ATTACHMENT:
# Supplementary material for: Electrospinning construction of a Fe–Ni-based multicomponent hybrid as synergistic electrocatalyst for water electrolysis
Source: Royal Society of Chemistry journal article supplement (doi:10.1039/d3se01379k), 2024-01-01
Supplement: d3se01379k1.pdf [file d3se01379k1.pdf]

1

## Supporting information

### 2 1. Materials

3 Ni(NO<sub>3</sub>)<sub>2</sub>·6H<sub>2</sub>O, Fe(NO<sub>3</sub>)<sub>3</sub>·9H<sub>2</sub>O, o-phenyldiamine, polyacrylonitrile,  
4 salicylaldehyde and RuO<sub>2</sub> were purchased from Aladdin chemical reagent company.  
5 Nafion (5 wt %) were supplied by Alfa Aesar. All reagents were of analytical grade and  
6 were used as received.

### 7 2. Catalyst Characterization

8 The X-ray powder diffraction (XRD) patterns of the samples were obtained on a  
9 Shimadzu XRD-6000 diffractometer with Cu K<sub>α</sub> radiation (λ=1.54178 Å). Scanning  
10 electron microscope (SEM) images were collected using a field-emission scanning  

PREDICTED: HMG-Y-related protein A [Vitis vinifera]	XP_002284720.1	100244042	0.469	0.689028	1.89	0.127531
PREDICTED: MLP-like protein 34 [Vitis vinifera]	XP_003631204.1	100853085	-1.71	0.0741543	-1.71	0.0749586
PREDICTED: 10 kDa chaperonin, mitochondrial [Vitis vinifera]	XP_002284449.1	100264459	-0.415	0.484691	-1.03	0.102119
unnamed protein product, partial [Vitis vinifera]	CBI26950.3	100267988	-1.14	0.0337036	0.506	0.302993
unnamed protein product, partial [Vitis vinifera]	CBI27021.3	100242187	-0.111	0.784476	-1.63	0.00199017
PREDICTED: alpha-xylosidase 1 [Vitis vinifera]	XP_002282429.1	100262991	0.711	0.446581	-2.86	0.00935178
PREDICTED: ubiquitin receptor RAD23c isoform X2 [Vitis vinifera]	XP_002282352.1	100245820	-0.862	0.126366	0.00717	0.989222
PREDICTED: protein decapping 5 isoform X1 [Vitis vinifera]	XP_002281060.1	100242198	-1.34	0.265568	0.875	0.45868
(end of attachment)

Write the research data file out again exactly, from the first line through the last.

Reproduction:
# Supplementary material for: Electrospinning construction of a Fe–Ni-based multicomponent hybrid as synergistic electrocatalyst for water electrolysis
Source: Royal Society of Chemistry journal article supplement (doi:10.1039/d3se01379k), 2024-01-01
Supplement: d3se01379k1.pdf [file d3se01379k1.pdf]

1

## Supporting information

### 2 1. Materials

3 Ni(NO<sub>3</sub>)<sub>2</sub>·6H<sub>2</sub>O, Fe(NO<sub>3</sub>)<sub>3</sub>·9H<sub>2</sub>O, o-phenyldiamine, polyacrylonitrile,  
4 salicylaldehyde and RuO<sub>2</sub> were purchased from Aladdin chemical reagent company.  
5 Nafion (5 wt %) were supplied by Alfa Aesar. All reagents were of analytical grade and  
6 were used as received.

### 7 2. Catalyst Characterization

8 The X-ray powder diffraction (XRD) patterns of the samples were obtained on a  
9 Shimadzu XRD-6000 diffractometer with Cu K<sub>α</sub> radiation (λ=1.54178 Å). Scanning  
10 electron microscope (SEM) images were collected using a field-emission scanning  

PREDICTED: HMG-Y-related protein A [Vitis vinifera]	XP_002284720.1	100244042	0.469	0.689028	1.89	0.127531
PREDICTED: MLP-like protein 34 [Vitis vinifera]	XP_003631204.1	100853085	-1.71	0.0741543	-1.71	0.0749586
PREDICTED: 10 kDa chaperonin, mitochondrial [Vitis vinifera]	XP_002284449.1	100264459	-0.415	0.484691	-1.03	0.102119
unnamed protein product, partial [Vitis vinifera]	CBI26950.3	100267988	-1.14	0.0337036	0.506	0.302993
unnamed protein product, partial [Vitis vinifera]	CBI27021.3	100242187	-0.111	0.784476	-1.63	0.00199017
PREDICTED: alpha-xylosidase 1 [Vitis vinifera]	XP_002282429.1	100262991	0.711	0.446581	-2.86	0.00935178
PREDICTED: ubiquitin receptor RAD23c isoform X2 [Vitis vinifera]	XP_002282352.1	100245820	-0.862	0.126366	0.00717	0.989222
PREDICTED: protein decapping 5 isoform X1 [Vitis vinifera]	XP_002281060.1	100242198	-1.34	0.265568	0.875	0.45868